Cloning, Nature, and Nurture.
But what triggers the release of oxytocin in the rat brain when there's no researcher to inject the hormone? Warmth, touch, and friendly social interactions. So, does a hormone cause an action? Or does an action cause a hormone to be released? It seems to be a bit of both, especially in big-brained animals, like us, that have a lot of flexibility to their behavior. In primates, says Kim Wallen, a behaviorist at the Yerkes Regional Primate Center in Atlanta, hormones "act in concert with so many other factors. I think we might see these not as chemical signals that turn things on and off but as things that permit an organism to do certain things under certain circumstances."
The question of where characteristics come from also turns out to be too complicated to divide neatly into Nature or Nurture, according to Stephen Suomi, director of the Laboratory of Comparative Ethology at the National Institutes of Health. His research suggests that a rhesus monkey's sexual behavior, aggression, thinking, and responses to stress are affected by "prenatal stressing"--that the strains and pains to which the pregnant mother is subjected will have an immense impact on her infant long after it is born.
Not even DNA, that supposedly impregnable "digital" code, is viewed as platonically separate anymore. "DNA doesn't do anything," says James Shapiro, a cell biologist at the University of Chicago Medical School. A gene is an instruction for making a protein. Reading that instruction, following it, folding the protein into the shape it must have to do its job--all this is the job of the cell, and the cell is affected by its environment.
In twin studies, too, as Elizabeth Spitz, a researcher at the Université René Descartes in Paris, has noted, Nurture is nearly impossible to tease out. Identical twins, at the moment of birth, may have already had very different experiences during their nine months in the womb. This is because the number of membranes identical fetuses share depends on when exactly their single egg split into two embryos. If this divisional split occurred early (within four days after fertilization), then each twin grew to birth in its own little world. Each developed its own chorion, the outermost membrane, and its own amnion, the inner membrane that contains the amniotic fluid in which the fetus floats. If the cell division happened later (four to eight days after fertilization), each twin got its own amnion but shared a chorion. If the division happened later still (eight to 10 days after conception), the two fetuses shared both chorion and amnion.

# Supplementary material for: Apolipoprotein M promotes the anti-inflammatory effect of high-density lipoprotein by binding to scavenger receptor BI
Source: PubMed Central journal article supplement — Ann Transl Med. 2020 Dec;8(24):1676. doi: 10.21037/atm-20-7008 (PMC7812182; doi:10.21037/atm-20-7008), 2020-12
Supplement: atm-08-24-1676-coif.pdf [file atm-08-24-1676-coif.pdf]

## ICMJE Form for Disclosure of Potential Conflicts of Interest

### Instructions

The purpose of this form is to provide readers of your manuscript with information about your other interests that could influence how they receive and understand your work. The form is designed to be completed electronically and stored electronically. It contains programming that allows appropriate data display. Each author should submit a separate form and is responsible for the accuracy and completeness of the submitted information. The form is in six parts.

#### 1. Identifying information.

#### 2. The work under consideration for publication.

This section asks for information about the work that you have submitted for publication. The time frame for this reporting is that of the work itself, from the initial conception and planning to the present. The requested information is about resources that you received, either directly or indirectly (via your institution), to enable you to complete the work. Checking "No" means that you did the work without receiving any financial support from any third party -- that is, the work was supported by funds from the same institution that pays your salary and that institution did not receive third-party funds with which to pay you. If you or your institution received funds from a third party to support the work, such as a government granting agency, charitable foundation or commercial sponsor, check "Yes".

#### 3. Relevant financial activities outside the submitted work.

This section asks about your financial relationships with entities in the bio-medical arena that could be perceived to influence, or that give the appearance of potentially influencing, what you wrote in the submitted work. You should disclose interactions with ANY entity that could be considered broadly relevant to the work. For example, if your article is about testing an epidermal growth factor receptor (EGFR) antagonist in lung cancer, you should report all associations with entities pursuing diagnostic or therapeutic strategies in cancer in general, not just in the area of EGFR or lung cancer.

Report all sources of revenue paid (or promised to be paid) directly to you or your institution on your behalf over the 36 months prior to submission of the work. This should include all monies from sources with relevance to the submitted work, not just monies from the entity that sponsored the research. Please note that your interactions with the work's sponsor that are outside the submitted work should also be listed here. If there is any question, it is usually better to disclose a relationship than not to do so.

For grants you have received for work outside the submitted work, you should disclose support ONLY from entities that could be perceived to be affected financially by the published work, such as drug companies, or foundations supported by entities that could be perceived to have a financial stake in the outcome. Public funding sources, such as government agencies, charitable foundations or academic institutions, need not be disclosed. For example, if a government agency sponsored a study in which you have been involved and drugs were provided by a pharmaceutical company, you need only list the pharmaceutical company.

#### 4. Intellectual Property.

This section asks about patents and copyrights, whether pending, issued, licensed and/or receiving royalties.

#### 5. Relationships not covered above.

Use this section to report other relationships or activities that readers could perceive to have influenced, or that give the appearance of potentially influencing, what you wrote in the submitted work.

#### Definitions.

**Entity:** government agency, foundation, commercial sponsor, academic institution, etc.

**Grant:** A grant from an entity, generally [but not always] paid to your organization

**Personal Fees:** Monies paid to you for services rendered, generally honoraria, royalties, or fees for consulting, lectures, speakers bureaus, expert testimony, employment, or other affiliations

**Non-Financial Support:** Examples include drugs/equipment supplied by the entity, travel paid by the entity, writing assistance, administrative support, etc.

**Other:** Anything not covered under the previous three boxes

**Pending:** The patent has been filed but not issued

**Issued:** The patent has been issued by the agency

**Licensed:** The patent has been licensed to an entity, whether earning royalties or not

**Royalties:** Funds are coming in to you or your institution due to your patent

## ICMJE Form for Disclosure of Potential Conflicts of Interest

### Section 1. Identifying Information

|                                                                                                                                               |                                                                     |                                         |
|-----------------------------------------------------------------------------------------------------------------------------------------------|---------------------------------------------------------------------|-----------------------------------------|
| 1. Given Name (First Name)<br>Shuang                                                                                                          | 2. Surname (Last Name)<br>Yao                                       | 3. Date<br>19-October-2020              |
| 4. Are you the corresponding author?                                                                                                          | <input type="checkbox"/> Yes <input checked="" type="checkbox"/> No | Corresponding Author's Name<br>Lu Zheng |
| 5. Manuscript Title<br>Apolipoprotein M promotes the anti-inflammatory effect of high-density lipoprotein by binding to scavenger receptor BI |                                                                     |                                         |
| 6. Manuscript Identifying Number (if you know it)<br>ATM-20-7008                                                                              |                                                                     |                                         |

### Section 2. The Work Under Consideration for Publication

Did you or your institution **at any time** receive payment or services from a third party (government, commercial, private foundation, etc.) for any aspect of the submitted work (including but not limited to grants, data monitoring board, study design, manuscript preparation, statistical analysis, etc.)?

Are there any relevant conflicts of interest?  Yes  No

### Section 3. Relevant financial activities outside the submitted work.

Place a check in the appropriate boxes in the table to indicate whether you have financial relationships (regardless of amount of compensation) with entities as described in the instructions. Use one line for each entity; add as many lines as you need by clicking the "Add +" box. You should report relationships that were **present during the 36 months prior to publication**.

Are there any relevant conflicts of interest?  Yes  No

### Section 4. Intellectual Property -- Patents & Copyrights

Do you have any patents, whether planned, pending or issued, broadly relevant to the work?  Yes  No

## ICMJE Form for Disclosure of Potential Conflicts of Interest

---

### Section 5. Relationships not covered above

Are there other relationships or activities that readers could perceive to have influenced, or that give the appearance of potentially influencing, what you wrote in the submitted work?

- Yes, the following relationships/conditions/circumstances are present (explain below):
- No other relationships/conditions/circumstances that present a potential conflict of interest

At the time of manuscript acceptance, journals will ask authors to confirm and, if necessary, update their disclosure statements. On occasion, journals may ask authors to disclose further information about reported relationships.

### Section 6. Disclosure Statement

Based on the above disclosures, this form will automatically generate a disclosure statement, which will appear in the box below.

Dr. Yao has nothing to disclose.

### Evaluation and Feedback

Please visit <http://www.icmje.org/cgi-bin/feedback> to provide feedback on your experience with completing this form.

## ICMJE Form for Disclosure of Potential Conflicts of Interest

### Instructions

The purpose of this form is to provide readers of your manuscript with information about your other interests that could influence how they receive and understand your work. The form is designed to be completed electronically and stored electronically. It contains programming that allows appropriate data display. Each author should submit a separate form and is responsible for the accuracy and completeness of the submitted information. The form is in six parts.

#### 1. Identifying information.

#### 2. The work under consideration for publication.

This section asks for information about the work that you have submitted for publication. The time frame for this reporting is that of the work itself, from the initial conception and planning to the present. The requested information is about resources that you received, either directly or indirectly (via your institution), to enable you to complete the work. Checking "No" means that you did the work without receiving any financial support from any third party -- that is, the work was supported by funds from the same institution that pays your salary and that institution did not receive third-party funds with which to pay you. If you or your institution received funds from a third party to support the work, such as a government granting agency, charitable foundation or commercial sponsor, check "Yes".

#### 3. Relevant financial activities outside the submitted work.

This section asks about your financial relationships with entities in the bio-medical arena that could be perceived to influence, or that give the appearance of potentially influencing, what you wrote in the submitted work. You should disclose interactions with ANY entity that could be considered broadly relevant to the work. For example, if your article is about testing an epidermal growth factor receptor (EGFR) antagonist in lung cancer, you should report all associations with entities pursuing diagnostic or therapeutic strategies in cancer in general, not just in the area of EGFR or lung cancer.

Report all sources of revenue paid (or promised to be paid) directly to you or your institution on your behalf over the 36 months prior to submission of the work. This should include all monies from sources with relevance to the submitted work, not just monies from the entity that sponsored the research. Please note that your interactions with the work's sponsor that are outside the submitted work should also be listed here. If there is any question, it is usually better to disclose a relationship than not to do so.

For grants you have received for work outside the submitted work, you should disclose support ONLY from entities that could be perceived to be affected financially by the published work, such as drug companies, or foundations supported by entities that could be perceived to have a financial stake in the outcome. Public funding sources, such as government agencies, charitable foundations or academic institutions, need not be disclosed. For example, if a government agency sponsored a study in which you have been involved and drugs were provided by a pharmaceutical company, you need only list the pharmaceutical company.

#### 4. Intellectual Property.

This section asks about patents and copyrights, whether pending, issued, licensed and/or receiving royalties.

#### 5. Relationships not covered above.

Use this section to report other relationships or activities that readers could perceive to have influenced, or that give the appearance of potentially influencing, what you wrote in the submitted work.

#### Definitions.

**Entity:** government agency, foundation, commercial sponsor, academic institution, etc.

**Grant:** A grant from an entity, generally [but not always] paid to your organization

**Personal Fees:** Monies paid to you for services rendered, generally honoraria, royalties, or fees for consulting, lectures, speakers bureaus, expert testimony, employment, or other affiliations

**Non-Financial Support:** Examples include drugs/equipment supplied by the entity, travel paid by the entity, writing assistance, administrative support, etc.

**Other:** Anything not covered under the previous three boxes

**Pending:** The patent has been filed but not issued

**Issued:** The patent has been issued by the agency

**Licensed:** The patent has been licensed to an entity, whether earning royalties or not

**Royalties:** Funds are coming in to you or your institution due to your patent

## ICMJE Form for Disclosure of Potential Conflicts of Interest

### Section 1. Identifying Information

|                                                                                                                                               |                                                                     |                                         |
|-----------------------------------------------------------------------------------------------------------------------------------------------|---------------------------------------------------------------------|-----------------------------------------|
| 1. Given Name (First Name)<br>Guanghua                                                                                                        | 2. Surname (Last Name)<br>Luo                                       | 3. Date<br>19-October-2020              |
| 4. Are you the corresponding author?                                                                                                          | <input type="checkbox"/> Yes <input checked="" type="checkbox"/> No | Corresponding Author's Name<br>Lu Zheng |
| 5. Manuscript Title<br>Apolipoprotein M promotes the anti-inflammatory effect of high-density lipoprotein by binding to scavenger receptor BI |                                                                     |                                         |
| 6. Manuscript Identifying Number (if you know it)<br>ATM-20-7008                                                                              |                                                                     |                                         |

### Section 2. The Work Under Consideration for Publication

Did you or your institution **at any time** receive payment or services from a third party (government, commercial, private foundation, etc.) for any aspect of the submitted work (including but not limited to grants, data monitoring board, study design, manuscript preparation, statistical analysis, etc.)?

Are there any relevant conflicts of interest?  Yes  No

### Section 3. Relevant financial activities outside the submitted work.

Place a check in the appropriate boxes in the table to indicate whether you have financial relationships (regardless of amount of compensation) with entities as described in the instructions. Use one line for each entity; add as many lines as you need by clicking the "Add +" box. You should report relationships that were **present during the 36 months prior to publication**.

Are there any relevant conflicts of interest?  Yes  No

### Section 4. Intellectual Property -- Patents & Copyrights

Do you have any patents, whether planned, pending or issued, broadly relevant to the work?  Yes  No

How similar twins are depends in part on how many membranes they shared. That amazing story about how two separated twins both married red-headed engineers in the same year--the resemblance could be because they shared the same amnion, and not because of their genes. So it's a little premature to propose a genetic predisposition to divorce.
In fact, the standard laboratory procedure for sorting out one influence from another--controlling the genetics, the prenatal environment, and the rearing of the twins--turns out to be impossible. The point may seem abstruse now. But once all those millions of Dollies have been gamboling about for a few years, and it's plain that they don't all look and act alike, we'll have no choice but to get off Galton's seesaw.
David Berreby, author of Us and Them: The Science of Identity, has been a Slate contributor since 1996.